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U.S. Army pushes for militarized use of AI technology

Recently, the Department of Defense and the U.S. military have announced one after another the progress of their projects in the field of artificial intelligence technology applications.

Currently, the U.S. Department of Defense is collaborating with civilian artificial intelligence companies to accelerate the promotion of the militarized application of this technology.

The U.S. Army demonstrates the Vision 60 quadrupedal bionic robot dog.

Series of research and development projects announced

Recently, the U.S. Department of Defense released part of the "Mervin" project, a key project in the application of artificial intelligence technology.

It is said that the U.S. military with the help of this project can automatically identify the location of rocket launchers and surface ships, and block the target of attack.

U.S. Central Command Chief Technology Officer Skyler Moore said this is only part of the function of "Mervin," while the program's goal is to build a system to identify personnel and equipment on the battlefield through algorithms.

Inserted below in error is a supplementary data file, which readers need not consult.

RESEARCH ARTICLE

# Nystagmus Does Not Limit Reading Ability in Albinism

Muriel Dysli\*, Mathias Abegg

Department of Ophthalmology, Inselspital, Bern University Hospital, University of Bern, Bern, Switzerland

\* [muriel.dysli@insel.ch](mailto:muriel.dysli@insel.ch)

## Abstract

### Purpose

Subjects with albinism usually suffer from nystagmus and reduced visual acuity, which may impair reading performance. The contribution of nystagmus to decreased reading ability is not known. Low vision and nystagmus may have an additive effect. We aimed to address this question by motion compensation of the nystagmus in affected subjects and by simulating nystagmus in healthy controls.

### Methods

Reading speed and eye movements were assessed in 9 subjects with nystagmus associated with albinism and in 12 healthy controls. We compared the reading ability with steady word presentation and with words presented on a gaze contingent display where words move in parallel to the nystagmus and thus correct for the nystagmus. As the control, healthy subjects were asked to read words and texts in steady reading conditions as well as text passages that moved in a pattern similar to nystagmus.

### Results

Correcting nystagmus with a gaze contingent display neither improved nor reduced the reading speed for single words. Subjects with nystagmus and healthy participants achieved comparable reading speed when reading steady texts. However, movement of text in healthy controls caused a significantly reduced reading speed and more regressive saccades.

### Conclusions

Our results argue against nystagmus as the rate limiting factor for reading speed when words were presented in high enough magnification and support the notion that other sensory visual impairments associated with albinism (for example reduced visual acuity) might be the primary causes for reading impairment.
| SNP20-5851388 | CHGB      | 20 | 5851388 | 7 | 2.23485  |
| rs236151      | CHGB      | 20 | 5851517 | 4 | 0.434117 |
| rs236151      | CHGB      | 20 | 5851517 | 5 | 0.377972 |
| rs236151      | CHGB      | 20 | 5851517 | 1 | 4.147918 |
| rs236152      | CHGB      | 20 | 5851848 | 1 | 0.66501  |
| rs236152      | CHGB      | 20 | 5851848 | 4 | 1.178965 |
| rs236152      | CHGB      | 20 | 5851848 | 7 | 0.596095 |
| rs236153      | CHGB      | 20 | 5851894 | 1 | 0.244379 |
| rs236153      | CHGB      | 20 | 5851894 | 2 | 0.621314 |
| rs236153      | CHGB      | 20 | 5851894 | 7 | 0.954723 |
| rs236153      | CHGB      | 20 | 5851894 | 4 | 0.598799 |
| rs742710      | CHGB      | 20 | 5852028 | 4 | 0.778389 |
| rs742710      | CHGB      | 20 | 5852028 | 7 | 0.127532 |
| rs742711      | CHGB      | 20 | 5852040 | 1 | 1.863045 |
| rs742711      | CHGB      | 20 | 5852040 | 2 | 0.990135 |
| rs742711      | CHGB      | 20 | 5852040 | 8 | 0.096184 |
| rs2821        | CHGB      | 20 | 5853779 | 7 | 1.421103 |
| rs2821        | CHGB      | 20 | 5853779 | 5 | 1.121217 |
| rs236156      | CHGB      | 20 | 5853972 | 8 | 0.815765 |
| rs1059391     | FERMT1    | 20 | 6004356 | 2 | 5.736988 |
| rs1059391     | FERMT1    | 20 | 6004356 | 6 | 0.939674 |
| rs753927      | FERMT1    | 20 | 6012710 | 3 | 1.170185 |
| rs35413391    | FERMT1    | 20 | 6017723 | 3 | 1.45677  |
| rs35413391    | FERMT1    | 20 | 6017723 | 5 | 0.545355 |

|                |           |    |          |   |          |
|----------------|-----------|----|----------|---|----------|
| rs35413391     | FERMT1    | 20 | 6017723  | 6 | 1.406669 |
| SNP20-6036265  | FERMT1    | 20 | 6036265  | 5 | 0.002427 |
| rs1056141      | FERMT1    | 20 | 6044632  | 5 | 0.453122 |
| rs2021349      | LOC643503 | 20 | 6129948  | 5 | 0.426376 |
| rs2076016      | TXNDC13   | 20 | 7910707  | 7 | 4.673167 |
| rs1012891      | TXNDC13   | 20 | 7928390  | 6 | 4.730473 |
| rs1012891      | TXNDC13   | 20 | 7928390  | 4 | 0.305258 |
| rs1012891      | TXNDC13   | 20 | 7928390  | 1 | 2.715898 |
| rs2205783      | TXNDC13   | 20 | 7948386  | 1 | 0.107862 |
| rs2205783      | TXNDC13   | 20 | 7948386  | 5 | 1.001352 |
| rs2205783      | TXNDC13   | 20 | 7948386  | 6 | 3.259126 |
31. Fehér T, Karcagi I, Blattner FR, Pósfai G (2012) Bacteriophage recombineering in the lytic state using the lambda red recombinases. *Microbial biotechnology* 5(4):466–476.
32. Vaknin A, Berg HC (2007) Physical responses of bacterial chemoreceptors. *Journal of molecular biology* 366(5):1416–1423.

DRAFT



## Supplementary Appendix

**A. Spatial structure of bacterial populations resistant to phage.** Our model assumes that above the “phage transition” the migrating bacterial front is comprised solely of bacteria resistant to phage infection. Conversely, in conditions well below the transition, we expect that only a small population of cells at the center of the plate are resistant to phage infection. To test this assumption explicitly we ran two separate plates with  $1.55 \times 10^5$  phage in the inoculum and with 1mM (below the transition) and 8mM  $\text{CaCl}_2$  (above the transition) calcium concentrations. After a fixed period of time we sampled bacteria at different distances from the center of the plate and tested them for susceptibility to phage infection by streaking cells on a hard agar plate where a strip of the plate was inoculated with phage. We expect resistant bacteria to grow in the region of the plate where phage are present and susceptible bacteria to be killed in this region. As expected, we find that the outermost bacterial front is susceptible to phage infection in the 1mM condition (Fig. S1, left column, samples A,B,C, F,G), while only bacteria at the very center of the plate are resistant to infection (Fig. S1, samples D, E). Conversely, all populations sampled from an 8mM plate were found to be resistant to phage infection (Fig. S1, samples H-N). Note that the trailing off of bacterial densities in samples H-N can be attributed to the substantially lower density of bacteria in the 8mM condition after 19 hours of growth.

The system was introduced in the U.S. Army's 18th Airborne Corps and will be improved based on training data and user feedback.

The U.S. Department of Defense has also made public a draft command and control system codenamed "Palantir."

The system is an artificial intelligence platform led by the U.S. Department of Defense's Office of Command and Control Studies, which integrates information gathering, operational decision making, command and control, and communication functions.

The system is capable of battlefield reconnaissance, satellite surveillance and open-source channels to obtain intelligence information for big data processing, detect potential threats and provide decision-making programs, thus helping the U.S. military rapidly deploy combat operations.